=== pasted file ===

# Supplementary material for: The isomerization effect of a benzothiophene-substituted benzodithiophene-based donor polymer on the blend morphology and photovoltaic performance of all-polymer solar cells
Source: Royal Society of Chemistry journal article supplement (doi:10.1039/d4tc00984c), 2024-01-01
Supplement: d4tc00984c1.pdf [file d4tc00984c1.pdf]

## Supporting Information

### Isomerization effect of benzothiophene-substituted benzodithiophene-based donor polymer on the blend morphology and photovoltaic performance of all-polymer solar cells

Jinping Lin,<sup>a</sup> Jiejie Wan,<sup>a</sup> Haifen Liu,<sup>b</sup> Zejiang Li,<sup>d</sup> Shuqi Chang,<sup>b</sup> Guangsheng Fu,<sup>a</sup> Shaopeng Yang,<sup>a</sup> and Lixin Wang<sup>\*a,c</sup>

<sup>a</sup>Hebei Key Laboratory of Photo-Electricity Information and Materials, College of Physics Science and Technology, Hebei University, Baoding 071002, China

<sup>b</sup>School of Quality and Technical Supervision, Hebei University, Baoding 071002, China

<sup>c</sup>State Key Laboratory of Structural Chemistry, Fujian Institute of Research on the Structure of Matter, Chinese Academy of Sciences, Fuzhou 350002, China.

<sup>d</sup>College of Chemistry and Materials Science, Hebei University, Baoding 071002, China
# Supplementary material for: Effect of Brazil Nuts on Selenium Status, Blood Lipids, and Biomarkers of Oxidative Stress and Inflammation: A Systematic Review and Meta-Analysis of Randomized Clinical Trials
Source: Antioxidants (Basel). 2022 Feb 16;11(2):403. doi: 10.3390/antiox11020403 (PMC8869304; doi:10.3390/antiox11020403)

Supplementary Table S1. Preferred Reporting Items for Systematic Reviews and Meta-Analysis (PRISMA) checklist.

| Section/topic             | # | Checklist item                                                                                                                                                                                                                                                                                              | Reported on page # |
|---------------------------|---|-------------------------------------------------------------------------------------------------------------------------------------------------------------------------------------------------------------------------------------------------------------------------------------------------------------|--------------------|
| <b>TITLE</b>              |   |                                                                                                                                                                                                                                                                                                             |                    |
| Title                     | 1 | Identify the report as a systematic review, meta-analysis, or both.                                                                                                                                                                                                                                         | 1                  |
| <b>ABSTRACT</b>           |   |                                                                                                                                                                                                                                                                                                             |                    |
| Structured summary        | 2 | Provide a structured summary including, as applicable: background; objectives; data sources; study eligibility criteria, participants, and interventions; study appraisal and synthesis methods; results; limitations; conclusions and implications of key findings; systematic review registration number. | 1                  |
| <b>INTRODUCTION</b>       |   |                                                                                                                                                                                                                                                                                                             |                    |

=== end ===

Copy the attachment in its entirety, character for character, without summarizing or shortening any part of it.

# Supplementary material for: The isomerization effect of a benzothiophene-substituted benzodithiophene-based donor polymer on the blend morphology and photovoltaic performance of all-polymer solar cells
Source: Royal Society of Chemistry journal article supplement (doi:10.1039/d4tc00984c), 2024-01-01
Supplement: d4tc00984c1.pdf [file d4tc00984c1.pdf]

## Supporting Information

### Isomerization effect of benzothiophene-substituted benzodithiophene-based donor polymer on the blend morphology and photovoltaic performance of all-polymer solar cells

Jinping Lin,<sup>a</sup> Jiejie Wan,<sup>a</sup> Haifen Liu,<sup>b</sup> Zejiang Li,<sup>d</sup> Shuqi Chang,<sup>b</sup> Guangsheng Fu,<sup>a</sup> Shaopeng Yang,<sup>a</sup> and Lixin Wang<sup>\*a,c</sup>

<sup>a</sup>Hebei Key Laboratory of Photo-Electricity Information and Materials, College of Physics Science and Technology, Hebei University, Baoding 071002, China

<sup>b</sup>School of Quality and Technical Supervision, Hebei University, Baoding 071002, China

<sup>c</sup>State Key Laboratory of Structural Chemistry, Fujian Institute of Research on the Structure of Matter, Chinese Academy of Sciences, Fuzhou 350002, China.

<sup>d</sup>College of Chemistry and Materials Science, Hebei University, Baoding 071002, China
# Supplementary material for: Effect of Brazil Nuts on Selenium Status, Blood Lipids, and Biomarkers of Oxidative Stress and Inflammation: A Systematic Review and Meta-Analysis of Randomized Clinical Trials
Source: Antioxidants (Basel). 2022 Feb 16;11(2):403. doi: 10.3390/antiox11020403 (PMC8869304; doi:10.3390/antiox11020403)

Supplementary Table S1. Preferred Reporting Items for Systematic Reviews and Meta-Analysis (PRISMA) checklist.

| Section/topic             | # | Checklist item                                                                                                                                                                                                                                                                                              | Reported on page # |
|---------------------------|---|-------------------------------------------------------------------------------------------------------------------------------------------------------------------------------------------------------------------------------------------------------------------------------------------------------------|--------------------|
| <b>TITLE</b>              |   |                                                                                                                                                                                                                                                                                                             |                    |
| Title                     | 1 | Identify the report as a systematic review, meta-analysis, or both.                                                                                                                                                                                                                                         | 1                  |
| <b>ABSTRACT</b>           |   |                                                                                                                                                                                                                                                                                                             |                    |
| Structured summary        | 2 | Provide a structured summary including, as applicable: background; objectives; data sources; study eligibility criteria, participants, and interventions; study appraisal and synthesis methods; results; limitations; conclusions and implications of key findings; systematic review registration number. | 1                  |
| <b>INTRODUCTION</b>       |   |                                                                                                                                                                                                                                                                                                             |                    |